"Jabulani polyhedron" is a term introduced here to refer to the polyhedron illustrated above which underlies the shape of the soccer
ball used in the 2010 World Cup in South Africa. It can be constructed by truncation
of a truncated tetrahedron by cutting the
corners of its hexagons with oblique planes to form regular
nonagons and the corners of its triangles to form regular
hexagons (Kuchel 2012). It is implemented in the Wolfram
Language as PolyhedronData["JabulaniPolyhedron"].

Here, 'Jabulani' is the name given to the ball by its manufacturer, Adidas, which means "celebrate' in the Zulu language. The ball was featured on the cover of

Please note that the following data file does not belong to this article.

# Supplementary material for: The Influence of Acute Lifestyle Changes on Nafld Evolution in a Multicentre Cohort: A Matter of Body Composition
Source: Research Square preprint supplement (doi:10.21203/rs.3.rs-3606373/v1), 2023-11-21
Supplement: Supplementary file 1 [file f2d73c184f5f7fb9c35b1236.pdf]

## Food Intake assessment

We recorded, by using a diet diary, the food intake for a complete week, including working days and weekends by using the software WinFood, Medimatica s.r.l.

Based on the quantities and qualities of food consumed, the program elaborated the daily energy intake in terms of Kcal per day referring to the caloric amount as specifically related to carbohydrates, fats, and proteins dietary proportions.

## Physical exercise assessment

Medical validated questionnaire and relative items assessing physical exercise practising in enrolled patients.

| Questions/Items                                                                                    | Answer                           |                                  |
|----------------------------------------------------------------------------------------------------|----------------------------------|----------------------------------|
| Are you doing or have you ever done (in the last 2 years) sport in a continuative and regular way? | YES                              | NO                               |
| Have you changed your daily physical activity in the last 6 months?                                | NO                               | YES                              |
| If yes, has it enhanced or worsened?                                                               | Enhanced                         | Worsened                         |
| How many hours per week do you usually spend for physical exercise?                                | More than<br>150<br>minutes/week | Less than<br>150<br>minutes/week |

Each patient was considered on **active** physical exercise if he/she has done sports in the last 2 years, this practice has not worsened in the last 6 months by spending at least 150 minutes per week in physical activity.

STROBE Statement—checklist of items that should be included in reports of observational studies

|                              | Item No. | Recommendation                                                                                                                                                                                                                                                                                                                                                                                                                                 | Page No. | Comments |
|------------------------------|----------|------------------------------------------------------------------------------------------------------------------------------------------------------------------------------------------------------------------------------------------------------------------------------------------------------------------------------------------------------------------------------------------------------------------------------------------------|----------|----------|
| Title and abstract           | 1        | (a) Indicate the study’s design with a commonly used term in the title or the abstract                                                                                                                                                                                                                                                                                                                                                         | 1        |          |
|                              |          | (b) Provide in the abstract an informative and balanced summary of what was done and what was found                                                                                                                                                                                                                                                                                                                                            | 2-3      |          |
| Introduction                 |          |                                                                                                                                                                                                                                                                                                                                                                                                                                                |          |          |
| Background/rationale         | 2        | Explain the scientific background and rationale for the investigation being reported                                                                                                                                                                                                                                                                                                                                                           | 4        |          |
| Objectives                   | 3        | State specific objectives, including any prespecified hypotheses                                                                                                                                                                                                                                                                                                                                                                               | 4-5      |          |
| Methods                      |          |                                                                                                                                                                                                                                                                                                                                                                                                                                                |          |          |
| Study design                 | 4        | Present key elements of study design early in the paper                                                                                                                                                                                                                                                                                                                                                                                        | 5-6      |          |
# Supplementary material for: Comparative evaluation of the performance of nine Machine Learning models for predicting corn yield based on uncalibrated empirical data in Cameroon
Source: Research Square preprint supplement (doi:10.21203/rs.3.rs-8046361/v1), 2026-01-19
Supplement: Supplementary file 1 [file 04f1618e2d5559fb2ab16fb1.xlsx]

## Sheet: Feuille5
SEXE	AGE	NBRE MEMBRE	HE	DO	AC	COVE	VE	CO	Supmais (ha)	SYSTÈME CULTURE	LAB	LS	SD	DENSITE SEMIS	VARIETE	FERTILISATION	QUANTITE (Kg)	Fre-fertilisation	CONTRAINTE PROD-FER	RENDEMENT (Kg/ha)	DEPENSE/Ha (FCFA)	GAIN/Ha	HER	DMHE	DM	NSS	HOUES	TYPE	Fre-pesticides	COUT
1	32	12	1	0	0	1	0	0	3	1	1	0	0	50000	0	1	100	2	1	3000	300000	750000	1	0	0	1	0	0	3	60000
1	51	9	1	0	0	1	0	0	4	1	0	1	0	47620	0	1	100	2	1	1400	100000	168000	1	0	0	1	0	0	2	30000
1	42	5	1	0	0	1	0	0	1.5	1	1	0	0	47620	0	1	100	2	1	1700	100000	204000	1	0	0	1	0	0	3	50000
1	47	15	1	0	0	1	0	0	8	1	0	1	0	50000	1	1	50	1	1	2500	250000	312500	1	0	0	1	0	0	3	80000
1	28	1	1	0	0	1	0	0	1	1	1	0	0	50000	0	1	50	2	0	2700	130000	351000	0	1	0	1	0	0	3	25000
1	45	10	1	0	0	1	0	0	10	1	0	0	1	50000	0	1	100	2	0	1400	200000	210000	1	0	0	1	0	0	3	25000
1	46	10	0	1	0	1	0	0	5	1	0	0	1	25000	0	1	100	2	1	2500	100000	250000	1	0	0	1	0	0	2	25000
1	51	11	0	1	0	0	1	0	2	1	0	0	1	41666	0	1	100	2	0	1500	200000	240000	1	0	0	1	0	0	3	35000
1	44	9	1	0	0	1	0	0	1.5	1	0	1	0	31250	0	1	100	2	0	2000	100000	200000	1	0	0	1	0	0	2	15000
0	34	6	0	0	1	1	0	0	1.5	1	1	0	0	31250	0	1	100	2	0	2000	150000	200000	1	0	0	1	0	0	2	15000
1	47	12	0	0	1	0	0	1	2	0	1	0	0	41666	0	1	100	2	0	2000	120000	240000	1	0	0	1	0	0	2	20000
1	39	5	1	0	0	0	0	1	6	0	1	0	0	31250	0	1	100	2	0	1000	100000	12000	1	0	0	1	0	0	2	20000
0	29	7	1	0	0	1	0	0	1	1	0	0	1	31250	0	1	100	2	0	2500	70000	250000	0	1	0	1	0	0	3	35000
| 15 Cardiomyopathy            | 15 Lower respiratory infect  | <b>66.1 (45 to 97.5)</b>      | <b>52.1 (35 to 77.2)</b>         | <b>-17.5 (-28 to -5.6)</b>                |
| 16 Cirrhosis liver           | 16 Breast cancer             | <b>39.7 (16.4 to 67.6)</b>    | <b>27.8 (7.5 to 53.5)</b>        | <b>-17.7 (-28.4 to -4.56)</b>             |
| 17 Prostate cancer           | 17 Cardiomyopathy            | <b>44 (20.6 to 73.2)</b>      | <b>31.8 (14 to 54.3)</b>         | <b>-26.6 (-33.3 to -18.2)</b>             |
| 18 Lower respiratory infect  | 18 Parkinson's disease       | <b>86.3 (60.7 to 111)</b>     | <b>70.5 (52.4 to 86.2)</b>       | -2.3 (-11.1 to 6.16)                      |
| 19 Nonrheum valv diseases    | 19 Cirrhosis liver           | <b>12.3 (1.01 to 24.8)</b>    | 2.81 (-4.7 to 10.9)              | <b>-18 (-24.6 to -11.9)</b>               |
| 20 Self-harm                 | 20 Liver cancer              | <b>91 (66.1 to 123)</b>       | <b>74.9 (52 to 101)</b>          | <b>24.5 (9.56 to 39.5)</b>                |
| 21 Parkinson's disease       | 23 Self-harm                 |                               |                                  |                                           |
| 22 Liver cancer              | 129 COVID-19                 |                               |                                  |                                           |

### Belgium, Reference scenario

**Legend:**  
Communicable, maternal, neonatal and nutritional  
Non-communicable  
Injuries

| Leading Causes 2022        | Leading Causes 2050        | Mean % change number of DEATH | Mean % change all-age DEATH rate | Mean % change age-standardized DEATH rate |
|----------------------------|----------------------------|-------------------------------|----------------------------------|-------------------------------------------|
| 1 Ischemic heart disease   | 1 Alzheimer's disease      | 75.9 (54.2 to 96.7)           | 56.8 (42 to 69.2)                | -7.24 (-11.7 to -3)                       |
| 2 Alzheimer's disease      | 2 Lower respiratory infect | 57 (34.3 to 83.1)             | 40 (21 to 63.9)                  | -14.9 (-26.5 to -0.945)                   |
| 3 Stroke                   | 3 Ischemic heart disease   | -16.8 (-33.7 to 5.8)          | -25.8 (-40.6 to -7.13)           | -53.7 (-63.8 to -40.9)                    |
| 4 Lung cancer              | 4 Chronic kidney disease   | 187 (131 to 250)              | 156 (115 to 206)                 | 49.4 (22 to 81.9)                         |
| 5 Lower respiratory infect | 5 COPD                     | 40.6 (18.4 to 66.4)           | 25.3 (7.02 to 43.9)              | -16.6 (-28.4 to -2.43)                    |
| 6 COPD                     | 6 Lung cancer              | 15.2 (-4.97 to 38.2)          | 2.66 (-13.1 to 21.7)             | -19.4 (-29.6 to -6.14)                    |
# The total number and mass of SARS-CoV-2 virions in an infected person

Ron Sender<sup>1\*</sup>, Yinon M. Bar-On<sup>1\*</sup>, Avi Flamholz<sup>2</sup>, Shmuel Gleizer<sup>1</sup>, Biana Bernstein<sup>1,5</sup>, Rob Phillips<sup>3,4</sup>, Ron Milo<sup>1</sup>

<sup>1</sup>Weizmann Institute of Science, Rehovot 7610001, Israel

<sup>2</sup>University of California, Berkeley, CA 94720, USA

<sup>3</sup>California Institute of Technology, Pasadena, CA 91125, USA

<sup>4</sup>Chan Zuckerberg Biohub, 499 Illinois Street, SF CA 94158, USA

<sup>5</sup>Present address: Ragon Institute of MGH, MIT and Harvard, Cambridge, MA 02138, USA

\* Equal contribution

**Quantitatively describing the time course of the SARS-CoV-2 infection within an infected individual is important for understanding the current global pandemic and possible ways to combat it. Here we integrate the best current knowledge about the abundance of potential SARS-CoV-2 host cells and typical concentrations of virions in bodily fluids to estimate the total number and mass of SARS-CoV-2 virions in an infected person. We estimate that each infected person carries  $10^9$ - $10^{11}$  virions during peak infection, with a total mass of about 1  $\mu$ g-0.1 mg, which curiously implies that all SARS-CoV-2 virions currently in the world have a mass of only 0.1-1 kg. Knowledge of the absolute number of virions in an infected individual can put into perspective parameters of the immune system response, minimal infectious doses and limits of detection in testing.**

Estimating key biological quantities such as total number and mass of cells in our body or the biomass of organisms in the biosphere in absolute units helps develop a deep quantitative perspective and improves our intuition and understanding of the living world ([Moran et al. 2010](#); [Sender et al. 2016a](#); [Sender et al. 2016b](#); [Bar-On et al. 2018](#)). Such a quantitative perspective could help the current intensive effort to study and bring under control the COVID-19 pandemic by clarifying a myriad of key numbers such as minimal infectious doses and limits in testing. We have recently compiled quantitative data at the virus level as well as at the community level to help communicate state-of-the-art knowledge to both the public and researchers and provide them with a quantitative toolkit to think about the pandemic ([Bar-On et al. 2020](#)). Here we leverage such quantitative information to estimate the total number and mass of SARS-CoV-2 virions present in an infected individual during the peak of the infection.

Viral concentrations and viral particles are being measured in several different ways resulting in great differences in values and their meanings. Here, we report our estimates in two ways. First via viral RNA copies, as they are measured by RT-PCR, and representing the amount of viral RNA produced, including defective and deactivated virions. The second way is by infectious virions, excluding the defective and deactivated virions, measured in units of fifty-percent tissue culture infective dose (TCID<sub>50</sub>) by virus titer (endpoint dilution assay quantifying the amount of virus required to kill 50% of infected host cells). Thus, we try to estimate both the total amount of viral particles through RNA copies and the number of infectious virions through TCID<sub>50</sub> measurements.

Volume 96, Issue 536 of The Mathematical Gazette, accompanying the analysis
of its underlying polyhedron by Kuchel (2012).

The Jabulani polyhedron has 36 vertices, 20 faces (consisting of 12 trapezoids, 4 regular hexagons, and 4 regular
nonagons), and 54 edges (6 of which are short and 48 of which are long, with
length ratio ).
Here, the ratio of long to short edge length is given by

(1)

(2)

As seen in the net and further demonstrated above, the trapezoids are connected in pairs along their short edges, which provide the 6 short edges of the solid. If the
short edges of the trapezoids are taken to have unity edge lengths, the trapezoids
have base and side lengths and base angle